City council finally poised to approve district lines

Commission listens to Dinowitz, doesn’t create Latino majority district

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City council redistricting is back on track.

The commission in charge of creating the district lines gathered last week to redraw the territories for the city’s 51 council members, approving this latest iteration 13-1, with a single abstention.

And it comes with little change to council district lines in this part of the Bronx.

This vote comes just weeks after a previous set of draft maps were unexpectedly rejected by eight of the commission’s 15 members. In that vote, Bronx Chamber of Commerce president Lisa Sorin, who sits on the commission, was one of the eight who struck down the measure.

“We’ve listened to the testimony, but there’s still a lot to be heard,” she said at the time. “And I need to hear more from the Hispanic community.”

A lot of that had to do with outreach to parts of the city where English is not the primary language,” her spokesperson told The Riverdale Press.

“Additionally, a closer look needs to be had on how to develop robust outreach tools to serve communities which had low engagement numbers,” the spokesperson added.

The lone nay vote this time around came from Staten Island-based commissioner Michael Schnall, who would prefer to keep the borough whole, and not share territory with Brooklyn. One of the three Staten Island districts reach over into Southern Brooklyn — a move that sparked some outrage with claims that Staten Island remains the “forgotten borough.”

“There are no other reasons why I oppose these maps,” Schnall said. “I’m glad they’re going to pass, and we’re going to get that much-needed feedback from the New York City council.”

It’s now up to the city council to approve the final maps — a process that wasn’t met with much enthusiasm from some of the commissioners.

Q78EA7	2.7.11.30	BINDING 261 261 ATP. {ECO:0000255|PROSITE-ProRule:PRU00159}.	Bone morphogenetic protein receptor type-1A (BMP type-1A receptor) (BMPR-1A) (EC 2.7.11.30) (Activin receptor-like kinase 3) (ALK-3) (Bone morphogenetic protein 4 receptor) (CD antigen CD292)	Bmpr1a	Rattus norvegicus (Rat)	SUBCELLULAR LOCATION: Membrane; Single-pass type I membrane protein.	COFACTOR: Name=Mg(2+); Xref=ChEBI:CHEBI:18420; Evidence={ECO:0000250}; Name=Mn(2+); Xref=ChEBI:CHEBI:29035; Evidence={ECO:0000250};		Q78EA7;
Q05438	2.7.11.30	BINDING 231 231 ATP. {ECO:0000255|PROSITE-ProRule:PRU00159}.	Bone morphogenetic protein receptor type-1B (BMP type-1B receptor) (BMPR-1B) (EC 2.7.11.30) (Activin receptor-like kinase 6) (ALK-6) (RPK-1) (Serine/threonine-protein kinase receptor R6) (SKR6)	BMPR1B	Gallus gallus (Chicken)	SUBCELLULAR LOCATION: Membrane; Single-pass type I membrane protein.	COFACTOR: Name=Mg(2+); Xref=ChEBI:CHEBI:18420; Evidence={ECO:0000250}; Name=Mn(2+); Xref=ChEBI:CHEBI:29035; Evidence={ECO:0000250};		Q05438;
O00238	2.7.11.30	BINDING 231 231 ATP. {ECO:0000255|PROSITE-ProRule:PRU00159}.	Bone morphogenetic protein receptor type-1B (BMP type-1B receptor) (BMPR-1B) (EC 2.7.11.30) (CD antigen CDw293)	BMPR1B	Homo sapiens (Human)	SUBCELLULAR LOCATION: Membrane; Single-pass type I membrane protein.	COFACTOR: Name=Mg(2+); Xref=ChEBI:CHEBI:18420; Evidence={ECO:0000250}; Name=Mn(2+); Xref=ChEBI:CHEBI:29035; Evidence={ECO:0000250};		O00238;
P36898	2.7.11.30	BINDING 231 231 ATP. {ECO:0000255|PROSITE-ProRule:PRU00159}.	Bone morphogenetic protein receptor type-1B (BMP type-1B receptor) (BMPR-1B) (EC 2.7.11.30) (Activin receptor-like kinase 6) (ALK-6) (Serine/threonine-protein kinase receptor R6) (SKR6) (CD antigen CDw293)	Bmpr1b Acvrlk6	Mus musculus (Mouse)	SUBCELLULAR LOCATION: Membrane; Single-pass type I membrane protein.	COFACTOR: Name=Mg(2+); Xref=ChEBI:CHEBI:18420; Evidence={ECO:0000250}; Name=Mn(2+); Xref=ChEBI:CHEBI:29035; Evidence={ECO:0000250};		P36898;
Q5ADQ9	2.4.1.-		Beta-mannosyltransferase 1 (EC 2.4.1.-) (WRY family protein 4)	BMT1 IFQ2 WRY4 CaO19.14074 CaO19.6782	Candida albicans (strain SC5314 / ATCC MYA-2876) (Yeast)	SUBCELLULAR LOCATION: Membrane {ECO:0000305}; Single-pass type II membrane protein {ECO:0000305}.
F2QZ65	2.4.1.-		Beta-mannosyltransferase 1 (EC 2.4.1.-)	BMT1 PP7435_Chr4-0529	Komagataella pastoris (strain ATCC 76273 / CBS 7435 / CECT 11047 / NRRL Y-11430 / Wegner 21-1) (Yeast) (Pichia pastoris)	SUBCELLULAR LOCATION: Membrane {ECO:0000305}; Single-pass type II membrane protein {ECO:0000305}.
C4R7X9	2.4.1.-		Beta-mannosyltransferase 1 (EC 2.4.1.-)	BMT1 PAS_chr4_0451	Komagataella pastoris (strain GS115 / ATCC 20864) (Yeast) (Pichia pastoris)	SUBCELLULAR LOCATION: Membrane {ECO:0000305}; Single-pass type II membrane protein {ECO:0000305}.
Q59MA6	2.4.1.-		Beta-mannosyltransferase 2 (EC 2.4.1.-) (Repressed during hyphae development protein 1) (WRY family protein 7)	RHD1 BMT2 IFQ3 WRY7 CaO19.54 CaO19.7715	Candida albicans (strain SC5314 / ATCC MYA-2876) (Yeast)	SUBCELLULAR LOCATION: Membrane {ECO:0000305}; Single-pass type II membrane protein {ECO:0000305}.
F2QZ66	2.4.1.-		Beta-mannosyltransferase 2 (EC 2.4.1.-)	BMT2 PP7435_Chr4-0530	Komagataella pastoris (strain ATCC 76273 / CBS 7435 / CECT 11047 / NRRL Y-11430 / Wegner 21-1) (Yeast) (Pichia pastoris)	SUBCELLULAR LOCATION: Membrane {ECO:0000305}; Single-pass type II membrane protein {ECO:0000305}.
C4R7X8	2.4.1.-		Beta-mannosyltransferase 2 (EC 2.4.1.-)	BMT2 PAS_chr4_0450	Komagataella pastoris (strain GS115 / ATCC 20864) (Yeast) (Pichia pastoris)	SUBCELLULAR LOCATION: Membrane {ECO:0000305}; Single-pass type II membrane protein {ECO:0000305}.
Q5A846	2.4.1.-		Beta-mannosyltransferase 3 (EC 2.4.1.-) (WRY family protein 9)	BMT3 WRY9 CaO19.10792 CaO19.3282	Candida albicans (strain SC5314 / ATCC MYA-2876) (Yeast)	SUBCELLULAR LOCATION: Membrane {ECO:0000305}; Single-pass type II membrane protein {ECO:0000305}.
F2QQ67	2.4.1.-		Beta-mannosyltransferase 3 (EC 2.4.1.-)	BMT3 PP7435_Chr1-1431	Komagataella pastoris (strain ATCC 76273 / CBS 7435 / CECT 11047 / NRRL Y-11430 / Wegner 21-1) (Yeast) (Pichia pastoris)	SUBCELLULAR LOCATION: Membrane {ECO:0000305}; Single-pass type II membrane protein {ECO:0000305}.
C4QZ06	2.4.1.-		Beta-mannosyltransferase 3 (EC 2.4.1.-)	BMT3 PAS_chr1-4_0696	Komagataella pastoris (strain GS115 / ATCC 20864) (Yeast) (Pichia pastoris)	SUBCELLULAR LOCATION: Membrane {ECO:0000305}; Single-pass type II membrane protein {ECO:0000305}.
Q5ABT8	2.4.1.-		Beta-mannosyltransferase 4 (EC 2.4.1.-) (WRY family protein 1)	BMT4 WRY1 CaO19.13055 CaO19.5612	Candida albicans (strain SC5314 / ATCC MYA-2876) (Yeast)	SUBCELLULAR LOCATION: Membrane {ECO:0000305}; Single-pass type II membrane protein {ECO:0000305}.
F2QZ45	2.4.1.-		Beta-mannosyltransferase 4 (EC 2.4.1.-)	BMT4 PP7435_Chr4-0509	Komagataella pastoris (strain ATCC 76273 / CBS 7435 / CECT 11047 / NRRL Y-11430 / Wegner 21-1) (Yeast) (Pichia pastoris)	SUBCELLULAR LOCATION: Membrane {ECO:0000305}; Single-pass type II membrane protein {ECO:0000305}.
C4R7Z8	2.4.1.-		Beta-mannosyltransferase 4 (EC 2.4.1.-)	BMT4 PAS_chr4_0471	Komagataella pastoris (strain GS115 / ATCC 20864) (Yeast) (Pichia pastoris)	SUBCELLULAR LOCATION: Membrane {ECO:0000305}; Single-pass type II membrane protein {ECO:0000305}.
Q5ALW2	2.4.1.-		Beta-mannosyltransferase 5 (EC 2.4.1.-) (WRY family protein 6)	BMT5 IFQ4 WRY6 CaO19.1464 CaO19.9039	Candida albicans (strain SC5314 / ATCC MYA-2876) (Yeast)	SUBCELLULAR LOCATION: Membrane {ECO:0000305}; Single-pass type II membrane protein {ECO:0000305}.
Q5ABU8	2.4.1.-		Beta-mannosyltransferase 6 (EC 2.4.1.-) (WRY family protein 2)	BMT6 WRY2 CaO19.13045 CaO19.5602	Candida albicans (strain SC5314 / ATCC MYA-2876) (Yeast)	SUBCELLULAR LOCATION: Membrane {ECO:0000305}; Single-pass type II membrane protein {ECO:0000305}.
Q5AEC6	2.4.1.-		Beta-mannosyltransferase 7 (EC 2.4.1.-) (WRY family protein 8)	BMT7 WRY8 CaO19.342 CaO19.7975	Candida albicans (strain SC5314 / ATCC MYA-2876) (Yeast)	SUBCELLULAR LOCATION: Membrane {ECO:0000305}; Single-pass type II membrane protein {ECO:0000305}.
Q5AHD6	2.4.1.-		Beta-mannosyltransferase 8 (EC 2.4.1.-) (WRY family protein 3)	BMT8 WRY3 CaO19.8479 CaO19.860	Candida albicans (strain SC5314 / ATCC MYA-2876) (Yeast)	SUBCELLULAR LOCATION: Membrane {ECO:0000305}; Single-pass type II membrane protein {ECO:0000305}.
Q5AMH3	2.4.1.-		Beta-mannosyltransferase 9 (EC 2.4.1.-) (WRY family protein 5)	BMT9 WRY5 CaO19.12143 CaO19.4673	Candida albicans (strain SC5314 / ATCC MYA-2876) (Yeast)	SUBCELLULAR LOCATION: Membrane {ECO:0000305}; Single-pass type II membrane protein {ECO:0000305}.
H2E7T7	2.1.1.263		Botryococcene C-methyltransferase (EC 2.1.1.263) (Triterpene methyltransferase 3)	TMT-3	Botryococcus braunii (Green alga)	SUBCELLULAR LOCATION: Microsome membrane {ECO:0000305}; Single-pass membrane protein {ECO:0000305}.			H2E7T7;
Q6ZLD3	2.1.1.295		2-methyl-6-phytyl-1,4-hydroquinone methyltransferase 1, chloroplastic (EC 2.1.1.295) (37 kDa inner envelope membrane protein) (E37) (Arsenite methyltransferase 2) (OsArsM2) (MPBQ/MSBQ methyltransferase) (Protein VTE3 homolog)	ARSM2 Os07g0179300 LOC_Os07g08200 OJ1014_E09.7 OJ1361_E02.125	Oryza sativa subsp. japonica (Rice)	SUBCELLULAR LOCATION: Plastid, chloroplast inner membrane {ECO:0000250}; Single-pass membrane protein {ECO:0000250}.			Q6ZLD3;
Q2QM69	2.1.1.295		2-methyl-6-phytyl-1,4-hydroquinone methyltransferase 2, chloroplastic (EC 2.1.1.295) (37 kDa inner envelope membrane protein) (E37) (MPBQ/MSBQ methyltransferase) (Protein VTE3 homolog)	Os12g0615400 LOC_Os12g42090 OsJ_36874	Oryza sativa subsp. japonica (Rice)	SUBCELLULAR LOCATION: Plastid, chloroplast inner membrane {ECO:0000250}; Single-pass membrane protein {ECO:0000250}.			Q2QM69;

“If people are upset, don’t direct your ire at us,” Commissioner Marc Wurzel said. “Look at the governor and look at the legislature who adopted a poorly worded law in October that severely limited this commission’s ability to keep as many communities of interest together.”

That law is a recent piece of legislation that limits population deviation between districts.

As for the three districts that touch this part of the Bronx, the Kingsbridge Armory remains in Pierina Sanchez’s district, while Eric Dinowitz holds onto Wakefield. That corrects what the councilman and a number of community organizations described as two wrongs that were righted from the first round of maps.

Yet there is still one community advocacy group that will not be pleased by the commission’s vote.

“We cannot ignore that immigrant communities continue to be split, including in southeast Queens and in the northwest Bronx,” said Murad Awawdeh, director of the New York Immigration Coalition, in a statement after the meeting. “Additional changes need to be made to ensure community members have a chance at fair representation.”

Asher Ross, a spokesman for the coalition, said the organization was in full support of the first draft lines for Dinowitz’s district, which covers much of the greater Riverdale and Kingsbridge area.

“They basically altered the shape of District 11 and made it into a district that encompassed more Kingsbridge and would not have included Wakefield,” Ross said. “That would have actually been a new majority Latino district. We really applauded that proposal.”

According to data provided by CUNY Graduate Center’s Redistricting and You mapping service, the population of that proposed district would have been 51 percent Hispanic.

And creating opportunity districts — which are those in which a majority of the population is made up of a minority group — when possible is one of the mandates set by the city charter.

“If you can draw a majority Latino district — which would give that group the opportunity to elect candidates of their choice — the commission and their members need to draw that,” Ross said. “But instead, they decided to keep the status quo and dilute the power of this growing population.”

While Dinowitz’s district is now no longer drawn as an opportunity district, NYIC and other invested parties still have time to lobby for change. Now that the maps have been approved, they will be sent to the city council, which has three weeks to either give them its stamp of approval, or send them back to the commission for one last round of tinkering.

That leaves the door open for organizations to reach out to their local council members to advocate for their preferred changes.

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